Kalilah Stein, 14, on Thursday, May 18, 2023, in her neighborhood of Carrick. Kalilah learned to shoot at a young age from her grandfather. Now she lives in a neighborhood that has seen two young people shot fatally this year. (Photo by Stephanie Strasburg/PublicSource)
As a high school student, I shouldn’t have to worry about gun violence. But in my Pittsburgh neighborhood, it’s a reality — one that’s perpetuated by polarized debate on firearms.
When teaching me how to shoot, my grandpa told me to squeeze the trigger gradually, not too suddenly, and follow through, always follow through, and you will be an excellent shot.
He taught me to respect the power a gun holds, and all that it entails. Once you pull that trigger, there is no going back. He told me, don’t put your finger on the trigger until you are ready to pull it. Until you are sure.
I get off my bus after school and walk down and past street after street where shots have been fired. Blood has been spilled. Kids have been killed. Kids have been killers. Though the rain has washed away the evidence, the sidewalks still carry the memory.
These sidewalks many of us walk every day have forced innocent minds to realize that guns are no longer toys that shoot Styrofoam. We are not playing a childish game but rather playing with people’s lives.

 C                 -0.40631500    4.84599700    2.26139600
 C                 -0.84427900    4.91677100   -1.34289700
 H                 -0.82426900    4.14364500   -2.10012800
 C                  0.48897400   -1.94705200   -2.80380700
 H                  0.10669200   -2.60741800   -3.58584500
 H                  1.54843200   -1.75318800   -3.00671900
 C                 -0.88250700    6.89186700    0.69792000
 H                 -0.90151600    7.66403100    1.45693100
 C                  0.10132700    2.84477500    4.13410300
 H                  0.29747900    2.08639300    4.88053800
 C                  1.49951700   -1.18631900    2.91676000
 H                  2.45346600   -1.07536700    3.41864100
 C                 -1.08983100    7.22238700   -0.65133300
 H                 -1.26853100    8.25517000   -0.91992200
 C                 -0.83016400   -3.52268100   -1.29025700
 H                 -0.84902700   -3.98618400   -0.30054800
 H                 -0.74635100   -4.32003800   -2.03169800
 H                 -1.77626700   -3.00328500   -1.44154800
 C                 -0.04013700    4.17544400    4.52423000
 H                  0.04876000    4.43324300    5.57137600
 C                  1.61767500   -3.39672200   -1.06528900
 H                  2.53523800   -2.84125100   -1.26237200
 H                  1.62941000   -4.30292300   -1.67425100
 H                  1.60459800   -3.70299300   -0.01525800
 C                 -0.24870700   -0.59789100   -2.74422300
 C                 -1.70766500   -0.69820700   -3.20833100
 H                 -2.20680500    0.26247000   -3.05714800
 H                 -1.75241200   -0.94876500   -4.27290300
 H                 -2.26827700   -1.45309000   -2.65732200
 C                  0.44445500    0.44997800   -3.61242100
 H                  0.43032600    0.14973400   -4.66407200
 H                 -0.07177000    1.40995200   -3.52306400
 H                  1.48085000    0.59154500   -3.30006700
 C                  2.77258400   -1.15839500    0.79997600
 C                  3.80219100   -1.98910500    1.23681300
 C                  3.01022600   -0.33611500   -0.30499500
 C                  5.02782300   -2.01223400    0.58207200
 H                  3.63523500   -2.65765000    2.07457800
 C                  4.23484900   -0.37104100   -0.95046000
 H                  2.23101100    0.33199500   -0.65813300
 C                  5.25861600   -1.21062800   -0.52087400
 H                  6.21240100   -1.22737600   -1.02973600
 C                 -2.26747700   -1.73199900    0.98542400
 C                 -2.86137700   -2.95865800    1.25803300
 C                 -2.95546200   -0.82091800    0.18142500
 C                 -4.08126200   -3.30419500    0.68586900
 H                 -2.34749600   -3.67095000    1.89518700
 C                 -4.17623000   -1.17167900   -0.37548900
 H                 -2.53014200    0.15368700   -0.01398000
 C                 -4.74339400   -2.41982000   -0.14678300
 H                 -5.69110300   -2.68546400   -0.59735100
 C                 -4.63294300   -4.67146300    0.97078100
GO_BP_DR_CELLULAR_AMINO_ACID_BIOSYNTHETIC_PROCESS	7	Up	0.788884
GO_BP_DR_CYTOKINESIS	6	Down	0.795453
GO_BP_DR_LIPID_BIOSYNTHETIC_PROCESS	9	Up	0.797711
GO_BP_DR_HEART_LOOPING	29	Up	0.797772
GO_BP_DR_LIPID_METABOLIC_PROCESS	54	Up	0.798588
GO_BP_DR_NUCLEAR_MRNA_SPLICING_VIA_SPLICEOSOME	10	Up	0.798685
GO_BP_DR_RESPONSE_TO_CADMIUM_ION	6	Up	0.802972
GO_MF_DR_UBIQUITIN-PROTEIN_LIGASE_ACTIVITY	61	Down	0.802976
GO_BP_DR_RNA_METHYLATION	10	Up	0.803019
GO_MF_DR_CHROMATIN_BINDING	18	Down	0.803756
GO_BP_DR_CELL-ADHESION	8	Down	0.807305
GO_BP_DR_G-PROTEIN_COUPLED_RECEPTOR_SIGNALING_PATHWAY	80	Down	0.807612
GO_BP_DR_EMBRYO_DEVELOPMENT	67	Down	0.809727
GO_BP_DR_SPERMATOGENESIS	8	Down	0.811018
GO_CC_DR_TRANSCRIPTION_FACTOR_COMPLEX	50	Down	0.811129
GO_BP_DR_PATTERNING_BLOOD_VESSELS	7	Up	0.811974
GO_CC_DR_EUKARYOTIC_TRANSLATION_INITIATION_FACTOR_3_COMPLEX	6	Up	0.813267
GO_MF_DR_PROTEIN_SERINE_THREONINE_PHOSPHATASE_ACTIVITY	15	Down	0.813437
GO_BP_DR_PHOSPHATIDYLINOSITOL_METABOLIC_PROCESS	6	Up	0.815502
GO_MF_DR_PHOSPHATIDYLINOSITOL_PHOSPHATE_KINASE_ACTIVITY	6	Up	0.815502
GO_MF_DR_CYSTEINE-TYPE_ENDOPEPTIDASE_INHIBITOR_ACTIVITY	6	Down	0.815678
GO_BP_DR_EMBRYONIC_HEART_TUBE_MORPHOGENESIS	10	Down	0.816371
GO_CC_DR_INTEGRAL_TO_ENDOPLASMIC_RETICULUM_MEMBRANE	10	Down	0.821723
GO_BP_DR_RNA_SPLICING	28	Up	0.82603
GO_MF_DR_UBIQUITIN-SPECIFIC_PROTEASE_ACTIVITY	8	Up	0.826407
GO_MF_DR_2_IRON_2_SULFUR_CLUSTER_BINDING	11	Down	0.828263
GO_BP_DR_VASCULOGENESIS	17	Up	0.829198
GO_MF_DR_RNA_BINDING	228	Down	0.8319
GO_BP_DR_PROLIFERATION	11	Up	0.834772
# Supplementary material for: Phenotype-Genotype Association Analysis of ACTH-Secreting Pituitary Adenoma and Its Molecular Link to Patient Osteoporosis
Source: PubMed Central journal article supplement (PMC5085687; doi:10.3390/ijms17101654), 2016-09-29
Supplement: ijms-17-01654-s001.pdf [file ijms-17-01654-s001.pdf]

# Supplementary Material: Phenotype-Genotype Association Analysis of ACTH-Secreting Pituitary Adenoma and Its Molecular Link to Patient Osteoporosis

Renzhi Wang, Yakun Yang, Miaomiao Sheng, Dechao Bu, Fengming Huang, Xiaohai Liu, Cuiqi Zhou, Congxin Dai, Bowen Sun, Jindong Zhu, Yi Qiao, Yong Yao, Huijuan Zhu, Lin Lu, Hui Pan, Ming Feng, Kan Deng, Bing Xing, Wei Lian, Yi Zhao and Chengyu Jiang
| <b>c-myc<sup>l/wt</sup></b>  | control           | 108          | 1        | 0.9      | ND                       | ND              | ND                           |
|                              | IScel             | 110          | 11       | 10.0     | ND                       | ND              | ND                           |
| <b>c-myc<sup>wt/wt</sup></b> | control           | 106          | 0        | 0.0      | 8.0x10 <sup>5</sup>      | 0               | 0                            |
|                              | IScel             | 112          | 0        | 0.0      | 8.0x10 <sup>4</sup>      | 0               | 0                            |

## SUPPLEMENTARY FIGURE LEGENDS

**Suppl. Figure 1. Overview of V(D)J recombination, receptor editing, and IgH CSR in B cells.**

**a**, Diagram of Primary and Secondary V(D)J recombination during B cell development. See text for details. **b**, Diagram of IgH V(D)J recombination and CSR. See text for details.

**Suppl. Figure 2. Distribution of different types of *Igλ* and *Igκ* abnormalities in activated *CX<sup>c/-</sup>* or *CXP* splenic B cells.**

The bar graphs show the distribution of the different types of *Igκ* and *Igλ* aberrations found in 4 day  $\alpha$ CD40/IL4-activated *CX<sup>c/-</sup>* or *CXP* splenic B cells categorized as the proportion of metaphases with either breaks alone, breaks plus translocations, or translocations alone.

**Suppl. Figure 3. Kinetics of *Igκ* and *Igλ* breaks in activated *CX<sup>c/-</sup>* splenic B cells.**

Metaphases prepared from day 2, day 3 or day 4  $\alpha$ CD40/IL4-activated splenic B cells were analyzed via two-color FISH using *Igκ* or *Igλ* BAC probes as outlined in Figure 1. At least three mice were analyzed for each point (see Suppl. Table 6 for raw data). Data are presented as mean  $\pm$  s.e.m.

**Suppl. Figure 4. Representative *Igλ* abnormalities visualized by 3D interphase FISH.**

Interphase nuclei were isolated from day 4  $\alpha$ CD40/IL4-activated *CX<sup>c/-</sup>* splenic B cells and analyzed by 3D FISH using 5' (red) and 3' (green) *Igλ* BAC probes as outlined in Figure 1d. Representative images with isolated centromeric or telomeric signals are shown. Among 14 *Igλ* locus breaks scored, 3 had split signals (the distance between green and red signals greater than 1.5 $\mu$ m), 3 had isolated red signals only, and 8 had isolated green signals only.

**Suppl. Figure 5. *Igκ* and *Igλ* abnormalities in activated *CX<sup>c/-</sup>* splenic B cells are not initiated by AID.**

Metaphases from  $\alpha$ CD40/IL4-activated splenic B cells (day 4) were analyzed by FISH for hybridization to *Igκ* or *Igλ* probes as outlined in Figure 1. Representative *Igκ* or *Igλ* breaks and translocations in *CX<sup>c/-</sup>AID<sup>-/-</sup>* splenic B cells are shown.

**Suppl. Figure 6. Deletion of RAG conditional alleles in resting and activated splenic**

This year alone, a 17-year-old and a 21-year-old have been killed by guns in Carrick, my Pittsburgh neighborhood. The person charged with shooting the 17-year-old is 14. Kids younger and younger are weaning from toys to weapons.
Today, I’m nearing the end of my freshman year of high school. I am 14 years old, the same age as some killers and living in a neighborhood in which murder is a reality.
When I was younger, I refused to even touch a gun because I was too scared. So rather than shooting with the rest of my family every time we went to visit, I helped my grandfather assemble the bullets they would later use. We measured out the powder, poured it into the casing, sealed it and placed it on the rack.